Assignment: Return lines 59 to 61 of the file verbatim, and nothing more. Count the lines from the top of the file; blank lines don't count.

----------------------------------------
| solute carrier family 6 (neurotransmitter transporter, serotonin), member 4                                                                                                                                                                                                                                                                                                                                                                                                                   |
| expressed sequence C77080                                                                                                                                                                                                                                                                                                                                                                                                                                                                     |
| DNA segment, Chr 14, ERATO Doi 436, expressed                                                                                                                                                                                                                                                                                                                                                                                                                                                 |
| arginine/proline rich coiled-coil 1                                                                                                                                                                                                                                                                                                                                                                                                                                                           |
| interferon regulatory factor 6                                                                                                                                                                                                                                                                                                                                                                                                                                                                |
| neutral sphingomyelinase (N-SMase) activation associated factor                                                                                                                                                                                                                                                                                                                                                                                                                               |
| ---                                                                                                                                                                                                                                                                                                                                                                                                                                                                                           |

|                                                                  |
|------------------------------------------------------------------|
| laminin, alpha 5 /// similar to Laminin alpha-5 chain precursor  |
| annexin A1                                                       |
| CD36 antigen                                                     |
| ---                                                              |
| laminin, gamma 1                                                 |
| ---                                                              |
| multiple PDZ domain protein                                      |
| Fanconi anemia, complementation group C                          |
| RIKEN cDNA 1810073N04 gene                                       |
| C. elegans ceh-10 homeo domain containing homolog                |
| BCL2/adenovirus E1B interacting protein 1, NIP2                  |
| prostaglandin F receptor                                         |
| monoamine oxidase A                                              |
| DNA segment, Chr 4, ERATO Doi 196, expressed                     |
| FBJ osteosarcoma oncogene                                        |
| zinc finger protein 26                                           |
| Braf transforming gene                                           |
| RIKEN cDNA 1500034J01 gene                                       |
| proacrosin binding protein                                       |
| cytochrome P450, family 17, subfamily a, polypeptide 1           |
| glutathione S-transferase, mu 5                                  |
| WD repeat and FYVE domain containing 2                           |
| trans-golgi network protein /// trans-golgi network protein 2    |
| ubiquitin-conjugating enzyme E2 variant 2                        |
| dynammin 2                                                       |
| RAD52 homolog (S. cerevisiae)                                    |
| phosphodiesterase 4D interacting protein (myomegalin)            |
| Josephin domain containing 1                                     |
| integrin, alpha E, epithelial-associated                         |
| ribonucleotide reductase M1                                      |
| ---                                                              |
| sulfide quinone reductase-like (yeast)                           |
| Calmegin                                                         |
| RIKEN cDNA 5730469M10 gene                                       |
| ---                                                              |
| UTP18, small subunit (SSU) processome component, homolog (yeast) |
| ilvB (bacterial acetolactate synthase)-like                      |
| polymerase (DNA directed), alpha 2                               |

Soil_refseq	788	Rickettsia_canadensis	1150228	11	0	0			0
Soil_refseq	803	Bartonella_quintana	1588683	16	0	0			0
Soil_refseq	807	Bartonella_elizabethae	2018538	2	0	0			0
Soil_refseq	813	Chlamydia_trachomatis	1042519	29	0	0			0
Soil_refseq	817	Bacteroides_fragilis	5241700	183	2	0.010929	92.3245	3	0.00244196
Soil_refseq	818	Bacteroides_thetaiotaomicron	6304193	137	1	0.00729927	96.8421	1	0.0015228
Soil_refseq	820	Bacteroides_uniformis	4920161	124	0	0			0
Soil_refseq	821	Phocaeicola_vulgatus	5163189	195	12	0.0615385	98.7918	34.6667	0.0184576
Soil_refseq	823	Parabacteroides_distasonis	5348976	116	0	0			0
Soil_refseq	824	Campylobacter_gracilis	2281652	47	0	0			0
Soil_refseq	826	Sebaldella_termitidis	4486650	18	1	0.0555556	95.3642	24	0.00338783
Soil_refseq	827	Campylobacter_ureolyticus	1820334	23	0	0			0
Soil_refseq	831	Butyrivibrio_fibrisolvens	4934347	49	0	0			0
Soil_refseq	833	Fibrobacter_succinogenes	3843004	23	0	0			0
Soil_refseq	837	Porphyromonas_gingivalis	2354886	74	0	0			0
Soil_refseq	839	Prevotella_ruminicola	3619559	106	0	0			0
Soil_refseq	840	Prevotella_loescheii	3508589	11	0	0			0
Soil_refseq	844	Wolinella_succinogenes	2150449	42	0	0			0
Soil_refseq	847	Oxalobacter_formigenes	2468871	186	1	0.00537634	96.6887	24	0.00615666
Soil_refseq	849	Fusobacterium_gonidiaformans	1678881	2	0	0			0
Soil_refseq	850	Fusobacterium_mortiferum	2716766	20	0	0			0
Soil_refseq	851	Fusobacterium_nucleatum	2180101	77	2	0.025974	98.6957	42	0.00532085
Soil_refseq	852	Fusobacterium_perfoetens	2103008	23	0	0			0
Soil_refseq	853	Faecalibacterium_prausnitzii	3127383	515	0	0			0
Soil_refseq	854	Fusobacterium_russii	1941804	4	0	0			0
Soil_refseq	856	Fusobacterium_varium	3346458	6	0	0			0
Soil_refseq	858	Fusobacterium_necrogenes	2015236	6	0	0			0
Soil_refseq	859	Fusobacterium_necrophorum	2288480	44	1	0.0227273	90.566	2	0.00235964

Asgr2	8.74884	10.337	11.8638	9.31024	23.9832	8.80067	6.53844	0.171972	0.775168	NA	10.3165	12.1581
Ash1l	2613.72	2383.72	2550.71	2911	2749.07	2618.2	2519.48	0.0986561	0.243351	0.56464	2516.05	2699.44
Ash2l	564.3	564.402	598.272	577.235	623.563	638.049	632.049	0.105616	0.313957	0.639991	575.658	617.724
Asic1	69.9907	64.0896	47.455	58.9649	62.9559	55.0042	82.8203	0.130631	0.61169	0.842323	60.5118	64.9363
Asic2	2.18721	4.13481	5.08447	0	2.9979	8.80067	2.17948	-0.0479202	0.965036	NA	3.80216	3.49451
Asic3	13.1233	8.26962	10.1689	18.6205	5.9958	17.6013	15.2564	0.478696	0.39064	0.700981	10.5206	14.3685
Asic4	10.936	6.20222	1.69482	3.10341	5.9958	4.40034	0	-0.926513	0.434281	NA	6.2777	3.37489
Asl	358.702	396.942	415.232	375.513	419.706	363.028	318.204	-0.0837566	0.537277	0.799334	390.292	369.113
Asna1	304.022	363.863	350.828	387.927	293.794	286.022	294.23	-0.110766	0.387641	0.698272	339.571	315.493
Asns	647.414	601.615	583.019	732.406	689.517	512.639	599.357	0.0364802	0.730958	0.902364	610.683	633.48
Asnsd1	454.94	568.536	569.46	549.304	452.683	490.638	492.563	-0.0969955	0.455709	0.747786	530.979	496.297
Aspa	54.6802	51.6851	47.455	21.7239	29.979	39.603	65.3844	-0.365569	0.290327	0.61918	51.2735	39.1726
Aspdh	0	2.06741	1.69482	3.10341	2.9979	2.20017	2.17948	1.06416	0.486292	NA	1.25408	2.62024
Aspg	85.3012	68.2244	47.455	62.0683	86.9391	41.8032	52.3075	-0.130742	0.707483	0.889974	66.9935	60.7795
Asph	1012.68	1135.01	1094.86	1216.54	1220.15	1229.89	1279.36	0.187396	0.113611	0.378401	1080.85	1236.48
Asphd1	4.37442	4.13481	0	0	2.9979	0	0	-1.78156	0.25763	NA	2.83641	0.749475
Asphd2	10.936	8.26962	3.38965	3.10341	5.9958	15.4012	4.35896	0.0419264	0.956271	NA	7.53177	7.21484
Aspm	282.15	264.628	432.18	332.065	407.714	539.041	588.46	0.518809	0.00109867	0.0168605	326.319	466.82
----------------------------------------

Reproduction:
Soil_refseq	827	Campylobacter_ureolyticus	1820334	23	0	0			0
Soil_refseq	831	Butyrivibrio_fibrisolvens	4934347	49	0	0			0
Soil_refseq	833	Fibrobacter_succinogenes	3843004	23	0	0			0